DWF (Digital Wedding Forum) Convention
March 26-29th
Las Vegas, Nevada

CNPA's 2007 Annual Meeting
May 17-20, 2007
Boone, NC

I look forward to helping you protect your work!

Mar 5, 2007

Alert: Woman Claims Rights of Privacy Violated

A woman has filed suit in Ohio against Yahoo for using her likeness/image in an email sent to new account holders. She has done some professional modeling so it will be interesting to see if she signed a general model release and whether the Ohio court will recognize it.

Mar 3, 2007

Photographers: Know Your Rights!

The Digital Photography Show has an excellent podcast interview with Bert Krages, Esq., the author of one of the books I recommend, the "Legal Handbook for Photographers." As in his book, Bert talks about photographers' legal rights and liabilities of making images.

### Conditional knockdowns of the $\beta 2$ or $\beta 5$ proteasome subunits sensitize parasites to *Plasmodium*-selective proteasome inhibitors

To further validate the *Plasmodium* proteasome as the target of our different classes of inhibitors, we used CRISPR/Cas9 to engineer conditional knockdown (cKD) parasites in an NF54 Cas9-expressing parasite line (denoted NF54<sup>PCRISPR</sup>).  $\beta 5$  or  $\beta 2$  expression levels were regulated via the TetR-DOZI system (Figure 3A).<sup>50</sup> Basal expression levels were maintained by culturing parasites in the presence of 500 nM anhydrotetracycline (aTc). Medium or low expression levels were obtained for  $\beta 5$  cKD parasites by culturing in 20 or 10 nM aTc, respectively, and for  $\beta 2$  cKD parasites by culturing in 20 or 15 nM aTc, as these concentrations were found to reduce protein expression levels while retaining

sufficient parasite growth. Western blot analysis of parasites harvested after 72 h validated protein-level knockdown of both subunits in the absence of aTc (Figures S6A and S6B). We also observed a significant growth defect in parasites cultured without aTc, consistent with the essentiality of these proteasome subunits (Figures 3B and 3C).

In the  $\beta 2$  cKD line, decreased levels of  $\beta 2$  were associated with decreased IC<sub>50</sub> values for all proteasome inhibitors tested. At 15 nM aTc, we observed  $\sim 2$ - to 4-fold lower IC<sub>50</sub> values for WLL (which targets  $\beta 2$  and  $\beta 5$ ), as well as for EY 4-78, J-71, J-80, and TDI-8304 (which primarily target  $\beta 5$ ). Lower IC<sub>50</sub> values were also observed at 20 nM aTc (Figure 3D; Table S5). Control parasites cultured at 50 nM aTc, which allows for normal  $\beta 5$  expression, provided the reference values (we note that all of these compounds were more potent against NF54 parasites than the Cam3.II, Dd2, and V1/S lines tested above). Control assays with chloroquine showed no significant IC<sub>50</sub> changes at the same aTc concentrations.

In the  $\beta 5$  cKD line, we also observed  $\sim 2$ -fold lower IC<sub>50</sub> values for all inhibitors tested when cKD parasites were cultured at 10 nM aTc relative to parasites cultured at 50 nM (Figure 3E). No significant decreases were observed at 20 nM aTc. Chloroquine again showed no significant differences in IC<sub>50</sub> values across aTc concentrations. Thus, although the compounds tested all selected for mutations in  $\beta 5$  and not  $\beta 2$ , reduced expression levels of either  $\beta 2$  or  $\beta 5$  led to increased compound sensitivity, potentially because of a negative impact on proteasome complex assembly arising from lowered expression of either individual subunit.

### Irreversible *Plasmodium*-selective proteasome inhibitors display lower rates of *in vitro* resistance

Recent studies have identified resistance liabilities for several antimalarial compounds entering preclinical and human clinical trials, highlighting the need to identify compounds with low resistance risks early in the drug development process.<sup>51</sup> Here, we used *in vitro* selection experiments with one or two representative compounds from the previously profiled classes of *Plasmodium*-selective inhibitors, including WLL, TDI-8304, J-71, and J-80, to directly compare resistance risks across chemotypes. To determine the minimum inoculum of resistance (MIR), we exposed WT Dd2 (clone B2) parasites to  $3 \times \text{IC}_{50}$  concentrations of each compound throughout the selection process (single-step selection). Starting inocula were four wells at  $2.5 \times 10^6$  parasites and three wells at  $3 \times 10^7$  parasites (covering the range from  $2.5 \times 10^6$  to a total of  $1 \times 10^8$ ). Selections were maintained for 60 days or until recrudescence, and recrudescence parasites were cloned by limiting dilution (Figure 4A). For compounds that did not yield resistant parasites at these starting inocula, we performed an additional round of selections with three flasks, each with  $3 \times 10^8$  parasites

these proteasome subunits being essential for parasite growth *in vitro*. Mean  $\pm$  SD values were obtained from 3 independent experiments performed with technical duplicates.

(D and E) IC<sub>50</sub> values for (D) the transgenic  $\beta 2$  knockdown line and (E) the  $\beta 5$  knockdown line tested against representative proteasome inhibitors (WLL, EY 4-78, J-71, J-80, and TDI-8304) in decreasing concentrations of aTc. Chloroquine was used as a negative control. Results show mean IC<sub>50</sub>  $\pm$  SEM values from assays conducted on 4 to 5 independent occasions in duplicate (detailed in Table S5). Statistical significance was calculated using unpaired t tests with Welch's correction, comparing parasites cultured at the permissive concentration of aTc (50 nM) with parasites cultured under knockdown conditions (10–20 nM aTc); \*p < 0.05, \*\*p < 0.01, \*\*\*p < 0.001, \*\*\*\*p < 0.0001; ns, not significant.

Mar 1, 2007

Licensing Your Copyright

(Excerpts from article posted at

Clients often give photographers a license to sign. While it is best to hire an attorney to review it, some photographers don't want to dispute the terms of the license for fear of losing the clients or are just happy to be published. But to best protect your work, you should know what you are agreeing to.

Following are some common terms and conditions used in licenses along with a brief explanation of what they mean.

All disputes arising under this Agreement shall be submitted to binding arbitration and settled in accordance with the rules of the American Arbitration Association.

Agreeing to binding arbitration means that you are forfeiting your right to file a lawsuit in a state or federal court of law and your claim will not be decided by a jury of your peers. Instead, you present your case to an arbitrator who will decide your case with no right of appeal.